I've been testing the Asus ROG Strix Scar 16's 2023 G634 model. Available in the UK for £3,400, and with essentially the same model in the US priced at $2,750, there's an expectation of zero compromises for a gaming laptop containing both Intel and Nvidia's latest mobile offerings. Not just when it comes to gaming prowess, but the overall user experience. And while the RTX 4080 and Core i9 13980HX provide a fantastic core config for a gaming laptop today, there are a couple of things holding this powerful machine back, not least the competition at that price point.
Before we get into the numbers, the Scar 16 is off to a good start with its aesthetic. There's an industrial flair to the design, but not enough to make it look too 'edgy'. It's reminiscent of the resurgent retro console trend, with a subtle translucent plastic strip around the chassis edge and front.
It may not have the humble charm of a Clear Glacier Gameboy Advance, but at least the subtle RGB strip along the front and back edge doesn't undermine the aesthetic. The light gradates gently through the laptop's thickness and gives a gentle glow to the desk around it. The default rainbow ROG logo on the back is a little much for me, but that can be easily remedied in the Aura software.
It's been fascinating to see laptop manufacturers packing 16-inch gaming laptops with this generation's powerful components. How's it all going to fit? I wondered. The answer: It's all about girth, baby.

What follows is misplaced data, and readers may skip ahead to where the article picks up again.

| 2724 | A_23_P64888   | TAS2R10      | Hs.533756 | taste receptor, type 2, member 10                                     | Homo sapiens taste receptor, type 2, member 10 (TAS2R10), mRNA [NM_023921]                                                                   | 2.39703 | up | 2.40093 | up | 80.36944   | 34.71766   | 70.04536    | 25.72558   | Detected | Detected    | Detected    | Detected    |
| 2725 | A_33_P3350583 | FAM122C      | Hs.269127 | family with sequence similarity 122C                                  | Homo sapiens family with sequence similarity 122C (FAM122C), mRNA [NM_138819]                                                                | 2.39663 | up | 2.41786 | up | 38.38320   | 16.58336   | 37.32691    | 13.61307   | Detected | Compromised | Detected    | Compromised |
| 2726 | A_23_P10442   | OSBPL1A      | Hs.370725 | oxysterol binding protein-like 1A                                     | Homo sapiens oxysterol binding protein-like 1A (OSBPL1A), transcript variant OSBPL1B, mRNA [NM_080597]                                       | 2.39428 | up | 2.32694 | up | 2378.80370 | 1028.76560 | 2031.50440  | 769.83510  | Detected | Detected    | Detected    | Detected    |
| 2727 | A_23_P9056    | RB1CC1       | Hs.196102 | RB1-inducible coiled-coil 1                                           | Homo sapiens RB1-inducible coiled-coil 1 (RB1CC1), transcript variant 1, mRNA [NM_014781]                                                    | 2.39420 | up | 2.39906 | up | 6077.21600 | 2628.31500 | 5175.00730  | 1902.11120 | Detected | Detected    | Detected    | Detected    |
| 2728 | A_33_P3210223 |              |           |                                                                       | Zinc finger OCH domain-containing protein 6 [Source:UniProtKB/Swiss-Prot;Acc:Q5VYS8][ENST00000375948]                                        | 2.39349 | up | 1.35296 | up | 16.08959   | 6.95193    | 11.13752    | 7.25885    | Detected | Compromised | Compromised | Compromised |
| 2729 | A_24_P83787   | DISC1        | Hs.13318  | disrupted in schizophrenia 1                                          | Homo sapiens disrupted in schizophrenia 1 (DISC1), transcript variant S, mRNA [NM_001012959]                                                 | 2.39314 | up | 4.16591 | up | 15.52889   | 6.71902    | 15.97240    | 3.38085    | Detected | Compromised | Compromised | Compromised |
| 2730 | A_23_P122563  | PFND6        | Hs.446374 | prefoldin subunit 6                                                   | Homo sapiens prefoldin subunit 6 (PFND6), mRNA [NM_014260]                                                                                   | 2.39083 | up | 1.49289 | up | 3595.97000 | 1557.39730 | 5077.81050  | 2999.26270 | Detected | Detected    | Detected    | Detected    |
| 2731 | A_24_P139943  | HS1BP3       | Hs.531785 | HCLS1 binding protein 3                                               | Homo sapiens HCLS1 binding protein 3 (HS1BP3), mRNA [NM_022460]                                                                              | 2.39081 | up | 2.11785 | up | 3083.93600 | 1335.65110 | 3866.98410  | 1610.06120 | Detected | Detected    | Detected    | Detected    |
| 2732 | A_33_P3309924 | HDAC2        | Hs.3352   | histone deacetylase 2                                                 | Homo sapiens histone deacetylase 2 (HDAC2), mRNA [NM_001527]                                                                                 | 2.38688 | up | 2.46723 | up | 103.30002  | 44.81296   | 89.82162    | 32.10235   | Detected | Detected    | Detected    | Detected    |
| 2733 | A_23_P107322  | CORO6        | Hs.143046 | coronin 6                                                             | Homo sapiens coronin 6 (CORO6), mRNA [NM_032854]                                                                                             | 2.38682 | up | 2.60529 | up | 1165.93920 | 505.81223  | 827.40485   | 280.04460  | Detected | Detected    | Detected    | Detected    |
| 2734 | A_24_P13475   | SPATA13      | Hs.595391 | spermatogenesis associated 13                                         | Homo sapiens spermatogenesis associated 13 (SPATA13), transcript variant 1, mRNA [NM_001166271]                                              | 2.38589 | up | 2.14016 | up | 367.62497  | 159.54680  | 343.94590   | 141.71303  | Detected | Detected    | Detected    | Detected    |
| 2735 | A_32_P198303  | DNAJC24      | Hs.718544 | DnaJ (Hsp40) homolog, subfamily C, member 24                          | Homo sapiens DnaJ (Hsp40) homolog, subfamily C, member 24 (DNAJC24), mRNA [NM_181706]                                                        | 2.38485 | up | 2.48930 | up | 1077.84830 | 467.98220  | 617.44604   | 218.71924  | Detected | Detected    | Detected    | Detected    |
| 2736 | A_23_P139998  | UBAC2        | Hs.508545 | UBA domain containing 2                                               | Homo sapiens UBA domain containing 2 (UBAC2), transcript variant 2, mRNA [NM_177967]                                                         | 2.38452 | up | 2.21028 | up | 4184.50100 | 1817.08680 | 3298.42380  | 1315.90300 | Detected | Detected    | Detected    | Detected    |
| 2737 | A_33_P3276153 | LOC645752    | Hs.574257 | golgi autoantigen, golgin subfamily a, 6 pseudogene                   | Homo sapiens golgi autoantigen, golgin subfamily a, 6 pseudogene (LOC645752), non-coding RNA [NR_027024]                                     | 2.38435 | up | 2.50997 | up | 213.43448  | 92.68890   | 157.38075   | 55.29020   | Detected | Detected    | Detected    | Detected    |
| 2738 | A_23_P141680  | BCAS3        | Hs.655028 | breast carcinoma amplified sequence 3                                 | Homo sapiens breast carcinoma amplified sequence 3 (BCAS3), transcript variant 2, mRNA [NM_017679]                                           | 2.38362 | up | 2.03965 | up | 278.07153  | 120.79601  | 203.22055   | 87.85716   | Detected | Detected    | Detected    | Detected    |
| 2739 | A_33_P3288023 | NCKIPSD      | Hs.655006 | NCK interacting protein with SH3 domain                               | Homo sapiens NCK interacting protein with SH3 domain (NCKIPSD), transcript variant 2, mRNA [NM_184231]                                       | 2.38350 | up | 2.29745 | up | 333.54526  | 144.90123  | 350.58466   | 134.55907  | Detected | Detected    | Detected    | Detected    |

CPU: Intel Core i9 13980HX
Graphics: RTX 4080 (175W)
RAM: 16GB DDR5-4800
Display: 16-inch ROG Nebula HDR, 240Hz, 3ms
Storage: 1TB NVMe SSD
Ports/Connectivity: 1x 3.5mm Combo Audio Jack
1x HDMI 2.1 FRL, 1x USB 3.2 Gen 2 Type-C for display / power delivery, 2x USB 3.2 Gen 2 Type-A, 1x 2.5G LAN port, 1x Thunderbolt 4 DisplayPort with G-SYNC
Weight: 2.50kg / 5.51lbs
Size: 13.94 x 10.39 x 1.20 inches /35.4 x 26.4 x 3.04 cm
MSRP: £3,300 | $2,900
The Scar 16 is thick, and heavy enough to make me question the notebook nomenclature, though it's nowhere near as dense as the desktop replacements of yesteryear (see the 8lbs Gigabyte Aorus 17X YD). Still, the Scar is thick enough that I almost expected to find a mechanical keyboard under the lid.
No such luck, sadly, though the chiclet board has a pleasantly tactile bounce, and n-key rollover for gaming as one would expect. It's not the most satisfying to type on, but it does the job when it comes to gaming.
Along the thick edges you're looking at a couple of USB 3.2 Gen 2 Type-A ports on one side, and a pair of USB Type-C ports on the other—one Thunderbolt 4 with DisplayPort, the other for display and/or power delivery to peripherals. There is an HDMI 2.1 port as well as 2.5G ethernet port. In other words, high spec connectivity isn't going to be a problem, though some may be disappointed at the lack of non-USB Type-C DisplayPort.